Wednesday, 1 October 2008

Delivering on Talent

In this week’s blog I want to talk about a situation every young person wanting to achieve something with their life will experience the moment they have to deliver on their talent. Whether it is a trial, an audition, an exam or a job interview everyone will have a situation where the time for talking and practising is over and where they have to show they are better than all the competition.

I got thinking about this subject this week because X-Factor is starting to reach the business end and because last weekend the football team I help coach kicked off their league campaign.

In X-factor before the weekend they had whittled it down from the first auditions and now all the hopefuls had one more chance to sing one more song and based on those couple of minutes would learn if they were going through to the next round. They had all been put their because the judges thought they had talent but if they didn’t deliver in those few minutes then it was all for nothing. Not giving a good performance wouldn’t mean they didn’t have talent but it would mean they hadn’t delivered on their talent. Being on TV in a situation like that the nation judges you at home on if they think you are good or not they don’t take in to account if you are having a bad day or if that song wasn’t suited to you as they don’t really know how talented you are or could be as they only see you for those brief minutes.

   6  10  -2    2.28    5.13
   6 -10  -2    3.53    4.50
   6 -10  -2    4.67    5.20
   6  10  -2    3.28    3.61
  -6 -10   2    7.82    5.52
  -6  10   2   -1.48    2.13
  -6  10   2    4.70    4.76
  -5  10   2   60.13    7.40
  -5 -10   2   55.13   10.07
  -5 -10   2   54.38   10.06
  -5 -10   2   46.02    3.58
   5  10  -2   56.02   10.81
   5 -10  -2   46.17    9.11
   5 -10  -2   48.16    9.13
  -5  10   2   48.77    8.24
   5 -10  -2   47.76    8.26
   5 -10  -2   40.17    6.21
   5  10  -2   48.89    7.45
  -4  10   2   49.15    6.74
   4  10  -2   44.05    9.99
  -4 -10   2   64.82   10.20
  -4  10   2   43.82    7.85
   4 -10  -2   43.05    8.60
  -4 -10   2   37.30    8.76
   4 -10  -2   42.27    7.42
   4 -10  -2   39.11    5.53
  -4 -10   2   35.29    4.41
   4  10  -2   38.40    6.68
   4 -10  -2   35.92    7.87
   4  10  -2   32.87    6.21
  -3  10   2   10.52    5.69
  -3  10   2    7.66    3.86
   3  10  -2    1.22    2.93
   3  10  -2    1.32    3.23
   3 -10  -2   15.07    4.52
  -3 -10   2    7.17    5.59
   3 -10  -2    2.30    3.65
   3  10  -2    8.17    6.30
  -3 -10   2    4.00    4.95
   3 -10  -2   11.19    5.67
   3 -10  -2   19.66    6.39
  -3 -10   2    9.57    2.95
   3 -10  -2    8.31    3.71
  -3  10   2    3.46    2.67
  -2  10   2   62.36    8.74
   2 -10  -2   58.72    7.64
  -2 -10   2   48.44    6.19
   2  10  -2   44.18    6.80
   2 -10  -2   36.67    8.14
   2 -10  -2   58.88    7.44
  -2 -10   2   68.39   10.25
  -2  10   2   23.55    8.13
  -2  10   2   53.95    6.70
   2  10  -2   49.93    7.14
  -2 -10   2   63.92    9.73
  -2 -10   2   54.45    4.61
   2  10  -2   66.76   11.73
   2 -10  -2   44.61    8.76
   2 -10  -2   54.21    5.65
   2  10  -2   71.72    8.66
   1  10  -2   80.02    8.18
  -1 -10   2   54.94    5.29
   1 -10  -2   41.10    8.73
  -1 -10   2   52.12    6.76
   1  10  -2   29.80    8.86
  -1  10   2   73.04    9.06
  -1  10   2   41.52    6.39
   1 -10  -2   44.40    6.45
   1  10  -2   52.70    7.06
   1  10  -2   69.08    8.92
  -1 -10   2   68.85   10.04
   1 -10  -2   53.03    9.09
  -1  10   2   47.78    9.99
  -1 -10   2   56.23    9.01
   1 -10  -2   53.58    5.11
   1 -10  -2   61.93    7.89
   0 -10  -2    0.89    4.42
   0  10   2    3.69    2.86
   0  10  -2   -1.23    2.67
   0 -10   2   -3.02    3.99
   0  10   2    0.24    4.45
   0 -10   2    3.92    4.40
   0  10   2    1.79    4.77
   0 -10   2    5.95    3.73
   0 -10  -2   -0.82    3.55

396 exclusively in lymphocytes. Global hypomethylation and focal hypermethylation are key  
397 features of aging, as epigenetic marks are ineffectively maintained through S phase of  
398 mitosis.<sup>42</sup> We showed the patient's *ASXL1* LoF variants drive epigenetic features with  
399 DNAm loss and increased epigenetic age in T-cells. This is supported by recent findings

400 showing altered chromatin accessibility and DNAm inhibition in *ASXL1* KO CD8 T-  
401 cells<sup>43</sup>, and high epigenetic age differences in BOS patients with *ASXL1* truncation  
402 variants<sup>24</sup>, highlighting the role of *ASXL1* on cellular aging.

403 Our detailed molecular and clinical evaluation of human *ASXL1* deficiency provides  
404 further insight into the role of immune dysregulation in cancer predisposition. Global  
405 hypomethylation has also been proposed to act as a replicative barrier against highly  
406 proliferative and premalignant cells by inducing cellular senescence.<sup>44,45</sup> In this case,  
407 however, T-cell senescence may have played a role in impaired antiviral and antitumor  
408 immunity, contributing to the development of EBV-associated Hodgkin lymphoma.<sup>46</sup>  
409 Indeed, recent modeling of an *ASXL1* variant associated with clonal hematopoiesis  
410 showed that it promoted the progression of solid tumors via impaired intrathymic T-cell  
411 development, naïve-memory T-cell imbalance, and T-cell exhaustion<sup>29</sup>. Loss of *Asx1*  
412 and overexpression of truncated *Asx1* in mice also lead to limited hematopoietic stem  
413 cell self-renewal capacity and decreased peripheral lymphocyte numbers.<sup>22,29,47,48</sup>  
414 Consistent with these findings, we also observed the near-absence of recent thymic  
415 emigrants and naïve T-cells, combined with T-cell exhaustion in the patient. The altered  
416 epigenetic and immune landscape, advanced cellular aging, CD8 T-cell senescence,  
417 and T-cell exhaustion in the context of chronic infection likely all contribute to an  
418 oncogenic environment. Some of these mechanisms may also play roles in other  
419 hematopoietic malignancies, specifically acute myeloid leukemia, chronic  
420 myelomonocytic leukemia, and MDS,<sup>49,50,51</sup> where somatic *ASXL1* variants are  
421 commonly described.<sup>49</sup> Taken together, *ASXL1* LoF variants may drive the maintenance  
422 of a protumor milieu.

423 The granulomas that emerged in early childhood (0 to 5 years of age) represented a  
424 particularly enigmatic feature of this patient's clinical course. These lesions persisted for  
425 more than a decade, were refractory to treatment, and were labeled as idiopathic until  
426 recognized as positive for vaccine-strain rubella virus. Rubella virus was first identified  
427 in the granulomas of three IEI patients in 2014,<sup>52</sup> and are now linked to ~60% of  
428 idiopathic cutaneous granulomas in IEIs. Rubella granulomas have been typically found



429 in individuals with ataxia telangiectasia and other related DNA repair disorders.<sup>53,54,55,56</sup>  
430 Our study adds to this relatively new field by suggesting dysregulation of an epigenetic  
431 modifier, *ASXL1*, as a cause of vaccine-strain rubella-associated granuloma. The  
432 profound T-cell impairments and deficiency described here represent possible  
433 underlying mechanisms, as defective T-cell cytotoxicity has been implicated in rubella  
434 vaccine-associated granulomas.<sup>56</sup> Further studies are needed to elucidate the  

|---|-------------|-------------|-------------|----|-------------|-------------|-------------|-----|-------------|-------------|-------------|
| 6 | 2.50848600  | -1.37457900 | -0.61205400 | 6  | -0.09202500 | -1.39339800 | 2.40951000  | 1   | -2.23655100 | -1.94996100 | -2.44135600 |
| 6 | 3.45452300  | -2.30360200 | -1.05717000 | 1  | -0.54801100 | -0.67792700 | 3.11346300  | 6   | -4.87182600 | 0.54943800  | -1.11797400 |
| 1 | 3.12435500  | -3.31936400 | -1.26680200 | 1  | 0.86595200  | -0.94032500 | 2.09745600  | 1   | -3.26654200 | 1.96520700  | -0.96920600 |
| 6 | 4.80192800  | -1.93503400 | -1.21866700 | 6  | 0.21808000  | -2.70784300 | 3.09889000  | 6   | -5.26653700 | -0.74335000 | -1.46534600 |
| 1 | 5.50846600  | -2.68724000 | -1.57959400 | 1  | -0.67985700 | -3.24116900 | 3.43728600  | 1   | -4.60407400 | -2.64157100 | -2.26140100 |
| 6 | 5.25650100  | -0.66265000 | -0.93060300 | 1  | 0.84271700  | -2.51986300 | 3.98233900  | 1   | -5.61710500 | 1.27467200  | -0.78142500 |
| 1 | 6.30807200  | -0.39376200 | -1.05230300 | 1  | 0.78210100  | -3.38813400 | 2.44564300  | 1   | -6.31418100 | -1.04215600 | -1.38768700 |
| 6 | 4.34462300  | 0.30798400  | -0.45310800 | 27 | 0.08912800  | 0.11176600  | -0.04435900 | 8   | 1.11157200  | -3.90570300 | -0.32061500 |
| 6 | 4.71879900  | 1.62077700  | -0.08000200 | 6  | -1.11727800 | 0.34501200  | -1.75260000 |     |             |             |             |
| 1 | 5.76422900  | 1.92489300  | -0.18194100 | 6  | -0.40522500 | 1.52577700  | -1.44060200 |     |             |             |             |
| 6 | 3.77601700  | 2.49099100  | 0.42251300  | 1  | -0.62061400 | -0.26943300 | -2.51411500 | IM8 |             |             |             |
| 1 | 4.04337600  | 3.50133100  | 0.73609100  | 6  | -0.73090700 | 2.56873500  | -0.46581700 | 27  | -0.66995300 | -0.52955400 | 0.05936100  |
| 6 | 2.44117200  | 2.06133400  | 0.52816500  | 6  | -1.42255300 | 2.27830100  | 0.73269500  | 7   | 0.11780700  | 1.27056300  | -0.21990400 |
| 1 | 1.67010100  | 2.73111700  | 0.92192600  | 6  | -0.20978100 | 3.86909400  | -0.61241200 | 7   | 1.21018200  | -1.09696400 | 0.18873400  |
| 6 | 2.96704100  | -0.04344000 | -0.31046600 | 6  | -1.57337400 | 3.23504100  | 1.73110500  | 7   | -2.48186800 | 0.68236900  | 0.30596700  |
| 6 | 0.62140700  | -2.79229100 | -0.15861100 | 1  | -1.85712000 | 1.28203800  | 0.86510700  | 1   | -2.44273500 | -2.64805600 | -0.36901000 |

Now delivering on talent is a lot different in competitive sports especially team sports. In this situation delivering on your talent depends on a lot of factors including the opposition, your team mates, your tactics etc. As coaches we believe our team is good but it’s not until others see your performances and see your results that they will judge where you stand. It’s like we took our team to a tournament which was for children in the age group above our team but we wanted to test them. In that tournament we didn’t get any points and looking at the results some people would say they weren’t talented but the experience we got from that tournament helped us to win our first game of the season 2 – 0.

When trying to work out if someone is talented or not you can’t judge them on one performance or a few minutes. Talent is relative as just because you are the best at something in your local area it doesn’t necessarily mean you are better than somebody from another county as the competition in that area may be a lot higher. So if you are in a football team and you finish second in a very competitive league you may be better than a team that wins the league at an easier standard of football.

So just remember success isn’t always based on talent but you can use your talent to achieve great things. Like talent success is relative, if you want to achieve great things and push your talent to the furthest is can go you have to challenge yourself as winning a football match against a team which aren’t anywhere near as good as your team it doesn’t teach you anything or help improve your game but losing to a better team can help teach you things that will make you a better player and a better team.

Adam Sibley
Founder of the Talented Young People organisation
"Envisage it, Believe it, Achieve it!"
”Shaking up the Youth of Today”

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